The Navy submarine USS Scorpion is shown in this April, 1968 photo. CLICK FOR LARGE
Expert torpedoes book on USS Scorpion
A Honolulu marine scientist calls a book about the sinking of the USS Scorpion "wrong and irresponsible"
Honolulu marine scientist John P. Craven, who has long been associated with top-secret Cold War spy missions, says a new book attributing the 1968 loss of a nuclear attack submarine in the Atlantic Ocean to a torpedo launched by a Soviet sub is "wrong and irresponsible."
Officially, the Navy has described the loss as an accident caused by mechanical failure, but journalist Ed Offley calls it an act of war.
The Scorpion, a Skipjack-class nuclear submarine, had been in service for only eight years when it became the last sub lost by the Navy.
In his 482-page book, "Scorpion Down: Sunk by the Soviets, Buried by the Pentagon: The Untold Story of the USS Scorpion," Offley maintains that the USS Scorpion and its crew of 99 submariners were lost May 22, 1968, during an undersea battle in the Atlantic with a Soviet sub.
Offley, who has been investigating this incident for more than 20 years, believes there is a connection between the loss of the Scorpion and the sinking of the Soviet Golf-II-class submarine K-129 two months earlier in the Pacific Ocean north of Hawaii. He believes the Soviets blamed that loss on overaggressive U.S. anti-submarine warfare efforts.
Offley discounts the official Navy Court of Inquiry findings 39 years ago that an internal mishap or mechanical failure caused the sinking of the 252-foot Scorpion. Over the years, theories on the sinking have included that it was struck by one of its own torpedoes that was inadvertently activated and launched, or that a fire in the torpedo room caused one of the projectiles to explode.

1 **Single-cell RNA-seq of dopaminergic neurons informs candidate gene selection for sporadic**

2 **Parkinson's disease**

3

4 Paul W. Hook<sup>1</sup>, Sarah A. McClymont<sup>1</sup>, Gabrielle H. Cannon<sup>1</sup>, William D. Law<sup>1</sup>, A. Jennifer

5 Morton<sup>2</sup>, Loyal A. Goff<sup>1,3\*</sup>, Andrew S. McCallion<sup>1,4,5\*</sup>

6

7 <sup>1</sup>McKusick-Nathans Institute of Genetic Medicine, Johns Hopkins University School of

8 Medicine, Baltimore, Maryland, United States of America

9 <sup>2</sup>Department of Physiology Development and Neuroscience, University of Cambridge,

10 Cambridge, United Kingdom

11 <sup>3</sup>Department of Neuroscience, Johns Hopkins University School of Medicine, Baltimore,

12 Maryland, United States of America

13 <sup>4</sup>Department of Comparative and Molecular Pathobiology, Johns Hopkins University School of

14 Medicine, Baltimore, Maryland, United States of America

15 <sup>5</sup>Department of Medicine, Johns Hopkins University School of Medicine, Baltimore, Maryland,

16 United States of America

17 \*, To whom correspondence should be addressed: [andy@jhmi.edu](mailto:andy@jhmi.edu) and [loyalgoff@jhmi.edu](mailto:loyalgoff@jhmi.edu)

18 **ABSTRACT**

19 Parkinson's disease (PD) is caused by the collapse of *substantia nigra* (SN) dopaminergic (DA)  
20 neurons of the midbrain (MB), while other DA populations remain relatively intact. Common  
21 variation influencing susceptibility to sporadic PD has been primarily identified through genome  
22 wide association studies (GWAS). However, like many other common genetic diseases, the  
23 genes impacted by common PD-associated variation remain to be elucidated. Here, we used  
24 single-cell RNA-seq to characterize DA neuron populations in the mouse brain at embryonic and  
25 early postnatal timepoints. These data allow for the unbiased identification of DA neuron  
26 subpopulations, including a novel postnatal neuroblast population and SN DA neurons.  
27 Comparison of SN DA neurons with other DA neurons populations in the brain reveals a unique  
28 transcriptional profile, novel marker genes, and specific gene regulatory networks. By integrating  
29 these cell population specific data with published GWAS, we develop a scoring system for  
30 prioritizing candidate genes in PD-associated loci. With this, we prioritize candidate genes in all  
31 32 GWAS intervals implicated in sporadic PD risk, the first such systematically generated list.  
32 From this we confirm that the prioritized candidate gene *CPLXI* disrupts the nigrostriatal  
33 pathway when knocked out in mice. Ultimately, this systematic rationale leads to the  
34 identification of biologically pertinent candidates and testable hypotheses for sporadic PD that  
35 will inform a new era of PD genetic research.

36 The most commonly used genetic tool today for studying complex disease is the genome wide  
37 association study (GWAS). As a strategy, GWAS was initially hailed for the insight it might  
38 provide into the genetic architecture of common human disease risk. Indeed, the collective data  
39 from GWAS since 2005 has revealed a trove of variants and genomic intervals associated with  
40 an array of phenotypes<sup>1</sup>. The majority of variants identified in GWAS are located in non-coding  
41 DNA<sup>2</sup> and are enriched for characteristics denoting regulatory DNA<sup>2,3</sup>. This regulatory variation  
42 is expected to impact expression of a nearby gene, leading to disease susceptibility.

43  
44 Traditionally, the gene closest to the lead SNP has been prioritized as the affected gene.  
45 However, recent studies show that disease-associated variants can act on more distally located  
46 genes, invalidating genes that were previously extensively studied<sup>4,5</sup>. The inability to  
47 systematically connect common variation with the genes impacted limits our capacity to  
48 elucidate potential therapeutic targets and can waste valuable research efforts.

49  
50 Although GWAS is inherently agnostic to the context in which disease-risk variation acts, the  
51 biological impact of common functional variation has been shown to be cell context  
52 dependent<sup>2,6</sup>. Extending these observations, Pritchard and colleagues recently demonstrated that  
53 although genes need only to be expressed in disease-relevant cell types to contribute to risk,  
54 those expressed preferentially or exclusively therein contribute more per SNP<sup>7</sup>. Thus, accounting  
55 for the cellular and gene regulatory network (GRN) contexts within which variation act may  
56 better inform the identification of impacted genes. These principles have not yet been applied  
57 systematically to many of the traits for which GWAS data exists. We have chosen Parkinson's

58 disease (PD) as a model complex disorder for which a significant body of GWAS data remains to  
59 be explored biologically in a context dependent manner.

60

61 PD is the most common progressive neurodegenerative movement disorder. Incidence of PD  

The book's premise is that the 3,000-ton Scorpion was shadowing a Soviet formation that included an Echo-II-class attack submarine when it was attacked and sunk.
Offley maintains that Moscow was aware of the Scorpion's surveillance mission because of information turned over to the Soviets by Navy radioman John A. Walker, who sold the secret communications codes.
Offley also contends that underwater sound recordings from sound surveillance system sensors heard by two sailors depicted "an underwater dogfight" between the Scorpion and a Soviet submarine.
But Craven, an 82-year-old Kahala resident, rejects Offley's premise, describing it as "absolutely and completely wrong."
USS SCORPION (SSN 589)
The last nuclear submarine lost by the Navy on May 22, 1968.
Commissioned: July 29, 1960
Displacement: 3,075 tons
Length: 252 ft
Armament: 6 torpedo tubes
"I do not know where he came up with that idea and published it," said Craven. "It's just speculation that the Scorpion was sunk by a Russian torpedo."
Craven, who is now chief scientist for the Common Heritage Corp., said the details behind the sinking and the search for the Scorpion are still classified, which opens the entire operation to speculation.